So it’s a betrayal of fidelity, but the fidelity Paige has to betray in response is one that’s almost more existential. She can no longer be who she is. She can no longer act with her own self as her guide, or at least not react to this betrayal in the way she’d like. As exciting — and somewhat fun — as it is to watch Philip give Paige an intro lecture in tradecraft, and as lights-out fantastic as it is to watch her improvise, pivot, and completely own doofy Pastor Tim in their conversation this past episode, this masquerade constitutes an act of infidelity. Paige’s act crosses a line. (On a side note, making Paige a naturally good spy despite herself is such an extraordinarily twisted and wonderful turn.) And these cascading infidelities and loyalties structure the show. But nowhere is this more complex or more rewarding or more daring than in the dueling marriages of Philip and Elizabeth and Clark and Martha.

For most of these episodes, Martha has felt as though her marriage and her sanity are on unstable ground. In her moment of greatest need, when even the FBI Xerox seems on the verge of betraying her, Clark is nowhere to be found. So, when pressed, she turns to her cover story: that she’s having an affair with a married man. Like almost everything that ever happens to Martha, the low-key sadness of this story is undercut by an even greater cruelty. There is a telling twinge, as Martha tells the story — and Lili’s right, Alison Wright is elevating this role to something else this season — that the way she’s able to tell this lie so convincingly is that she’s telling it as a truth. In other words, she is seeing a married man; she’s just secretly married to him. And it is an honest relationship, except that he is honest to her about the lies they have to tell. She doesn’t even need to cross her fingers! This is a sad rationalization, but it’s even worse because it’s not true in the way she thinks it is.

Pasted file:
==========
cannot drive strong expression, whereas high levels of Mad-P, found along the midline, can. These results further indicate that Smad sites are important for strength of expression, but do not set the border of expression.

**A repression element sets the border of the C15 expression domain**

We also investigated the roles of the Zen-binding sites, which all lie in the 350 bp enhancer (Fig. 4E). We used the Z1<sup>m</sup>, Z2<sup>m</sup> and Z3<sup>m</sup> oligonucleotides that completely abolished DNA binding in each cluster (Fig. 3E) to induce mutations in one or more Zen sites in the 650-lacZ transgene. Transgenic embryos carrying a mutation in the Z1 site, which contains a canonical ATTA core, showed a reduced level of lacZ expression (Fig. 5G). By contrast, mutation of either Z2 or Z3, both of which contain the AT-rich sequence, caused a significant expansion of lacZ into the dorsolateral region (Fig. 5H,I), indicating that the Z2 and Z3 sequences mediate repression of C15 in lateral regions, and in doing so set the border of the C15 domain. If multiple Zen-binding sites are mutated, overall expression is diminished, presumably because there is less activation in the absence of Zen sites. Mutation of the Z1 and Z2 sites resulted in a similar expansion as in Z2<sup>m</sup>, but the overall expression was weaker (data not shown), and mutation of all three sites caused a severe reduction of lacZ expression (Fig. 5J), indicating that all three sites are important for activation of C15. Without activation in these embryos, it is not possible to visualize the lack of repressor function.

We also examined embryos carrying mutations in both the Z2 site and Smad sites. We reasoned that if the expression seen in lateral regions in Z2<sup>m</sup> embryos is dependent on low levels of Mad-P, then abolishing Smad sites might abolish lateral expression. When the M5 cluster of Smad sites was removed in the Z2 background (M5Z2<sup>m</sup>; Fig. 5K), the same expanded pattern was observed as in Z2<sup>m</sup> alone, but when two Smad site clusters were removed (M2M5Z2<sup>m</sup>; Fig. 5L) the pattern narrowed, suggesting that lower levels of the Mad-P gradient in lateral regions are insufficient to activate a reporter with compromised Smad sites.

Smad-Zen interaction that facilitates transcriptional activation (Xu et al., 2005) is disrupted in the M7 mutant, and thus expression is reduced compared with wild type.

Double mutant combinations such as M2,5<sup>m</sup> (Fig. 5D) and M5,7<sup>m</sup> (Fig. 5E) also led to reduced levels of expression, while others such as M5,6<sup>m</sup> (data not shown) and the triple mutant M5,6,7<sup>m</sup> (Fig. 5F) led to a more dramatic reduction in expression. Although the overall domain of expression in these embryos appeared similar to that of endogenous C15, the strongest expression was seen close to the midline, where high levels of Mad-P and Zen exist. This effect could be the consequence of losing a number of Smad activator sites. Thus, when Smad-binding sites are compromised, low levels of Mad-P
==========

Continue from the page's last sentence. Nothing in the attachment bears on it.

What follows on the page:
It’s true because Philip is a married man. It’s not wink-wink true. It’s factually accurate. And “Clark’s Place” performs something like an act of emotional acrobatics around this fact. Because they suspect that she’s being watched, the Jenningses decide Philip can’t meet with Martha for their usual Tuesday, fold-out couch session. And, as much as the guilt of murdering living humans is tearing PJ up inside, this abandonment registers on his face as a worse crime. All episode, we watch Elizabeth watch him, trying to read her gaze — jealousy? anger? exasperation? — and then we watch what happens when “Under Pressure” starts to play.

This seduction could be tawdry, it could feel like a gorgeous woman taking pity upon her husband because it’s soooo hard to have two wives. (What’s up, Big Love?!) But there’s an understanding there — we feel it too — that, even as much as what they do is wet work, even as much as it is sex work, to some degree or another, it’s also care work. Gabriel tells them that the fact that they care about their assets makes them uniquely able to do their jobs. Philip and Elizabeth fake it all the time, but when they go this deep — they way Clark has with Martha — it has to be at least a little real. Put another way, it’s almost impossible to imagine that Philip doesn’t care for Martha, that he doesn’t, to some extent or another, actually love her. What the show asks us to do, though, is to imagine that Elizabeth’s seduction is also an act of love and care, however bizarre in context.